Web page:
Canada's top election official says he wants to see the law changed to deal with deceptive phone calls.

Chief Electoral Officer Marc Mayrand says he will recommend to Parliament that the Canada Elections Act be updated to fight those deceptive calls, like the live and automated robocalls made in Guelph, Ont., that sent voters to the wrong polling station in the last federal election.

Mayrand says new technology has changed how parties and candidates communicate with voters.

"These technologies are not in themselves problematic and in fact can and are used in positive ways to reach out to electors. However, I am concerned now that they can be misused during an election and, in fact, easily misused. As we have seen this past year, deceptive telephone calls, both live and automated, have arrived on our electoral landscape. And their use will have an impact on how Canadians view the electoral system," he said in a speech in Ottawa on Tuesday.

Mayrand says Canadians are rightfully offended by news reports about possible electoral fraud related to campaign phone calls, and need to know there's a process in place to address the problems.

"In this regard, I will be bringing forward recommendations to ensure that the Canada Elections Act has the right measures to deal with this new reality. I feel strongly that an electoral system and an electoral law that do not reflect the concerns and values of a modern Canadian electorate will only in the long-term help fuel disillusionment and disengagement from political process. That is why modernizing the Canada Elections Act speaks to our needs to maintain the integrity of the electoral process," Mayrand said.

Complaints about misleading phone calls in the 2011 election have now grown to 1,300 in more than 200 ridings, he said.

Not the first call to give Elections Canada more power

Mayrand wouldn't provide any more details on the changes he'd like to see to the laws, saying he has to share them with Parliament first. He is expected to report by the end of March 2013.

"One of the things we have to look [at] is how efficient are those laws," he told reporters after the speech.

The chief electoral officer can't change the law. He reports to Parliament through the committee on procedure and House affairs, which can issue a report to the House of Commons endorsing his recommendations.

Last winter, the committee heard from Mayrand that he wanted the power to force political parties to turn over receipts and other documents supporting their spending, much like candidates have to do after an election campaign.

Conservative MPs, who have a majority of seats on the committee, didn't support the recommendation. NDP MPs on the committee issued a dissenting report backing Mayrand's request.

Interim Liberal Leader Bob Rae says the changes Mayrand wants are necessary. But he says there's also a need to link breaches of the law more closely to the need for byelections.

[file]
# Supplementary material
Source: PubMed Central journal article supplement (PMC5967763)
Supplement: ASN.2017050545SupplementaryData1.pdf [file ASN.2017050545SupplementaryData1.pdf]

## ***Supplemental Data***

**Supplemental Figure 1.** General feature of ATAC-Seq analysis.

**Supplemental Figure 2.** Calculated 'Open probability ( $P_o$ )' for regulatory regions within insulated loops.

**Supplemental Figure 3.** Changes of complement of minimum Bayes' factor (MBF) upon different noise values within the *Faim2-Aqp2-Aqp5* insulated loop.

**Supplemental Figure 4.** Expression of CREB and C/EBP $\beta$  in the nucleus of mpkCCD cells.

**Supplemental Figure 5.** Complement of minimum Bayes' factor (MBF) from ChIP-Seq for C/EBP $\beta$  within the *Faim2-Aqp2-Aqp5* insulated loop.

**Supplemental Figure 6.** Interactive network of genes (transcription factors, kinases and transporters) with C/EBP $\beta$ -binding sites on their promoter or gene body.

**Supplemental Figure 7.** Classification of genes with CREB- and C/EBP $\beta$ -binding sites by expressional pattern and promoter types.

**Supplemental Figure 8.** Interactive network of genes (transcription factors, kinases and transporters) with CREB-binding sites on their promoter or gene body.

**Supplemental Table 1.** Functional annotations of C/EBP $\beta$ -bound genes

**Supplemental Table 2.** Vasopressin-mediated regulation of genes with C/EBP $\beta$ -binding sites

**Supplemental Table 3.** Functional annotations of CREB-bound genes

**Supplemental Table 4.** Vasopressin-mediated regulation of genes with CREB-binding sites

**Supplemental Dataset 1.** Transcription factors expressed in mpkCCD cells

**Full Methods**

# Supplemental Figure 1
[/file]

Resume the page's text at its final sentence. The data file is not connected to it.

"One of the great ironies of the act is that you can have a lot of breaches of the Elections Act and there are no consequences other than a slap on the wrist. It does not affect your holding of a seat. If you want to get a new byelection you have to go to court and that's a separate process from the Elections Canada process. I think somehow these two processes need to be brought together — the court process and what happens with Elections Canada, and that's a change I'd like to see," Rae said.

A former Liberal MP is awaiting a Supreme Court decision that could result in a byelection. Borys Wrzesnewskyj lost the Etobicoke Centre seat to Conservative MP Ted Opitz on May 2, 2011. Wrzesnewskyj won on Ontario Superior Court decision to force a byelection after the judge threw out a number of ballots, but Opitz appealed to the Supreme Court of Canada.

NDP House Leader Nathan Cullen also agrees with the need for an updated Canada Elections Act.

"Technology has changed the way that Canadians interact with politics and elections, and if we need to give Elections Canada more tools to deal with anybody who's trying to mislead Canadians or corrupt the election process, then we absolutely need to give them those tools."

Legislation coming 'in due course'

Last March, MPs voted unanimously in favour of a non-binding NDP motion to bring in legislation in increase the power of the chief electoral officer.

The motion called for legislation to:

- Give Elections Canada stronger investigative powers, including the ability to force political parties to provide supporting documents for their expenses.

- Require all telecommunication companies that provide voter contact services during a general election to register with Elections Canada.

- Make telecommunication companies identify and verify the identity of election clients.

The March 12, 2012, vote gave the government a deadline six months later, Sept. 12, 2012. New Democrat David Christopherson said at the time that while the motion wasn't binding, there would be "hell to pay" if the government didn't act.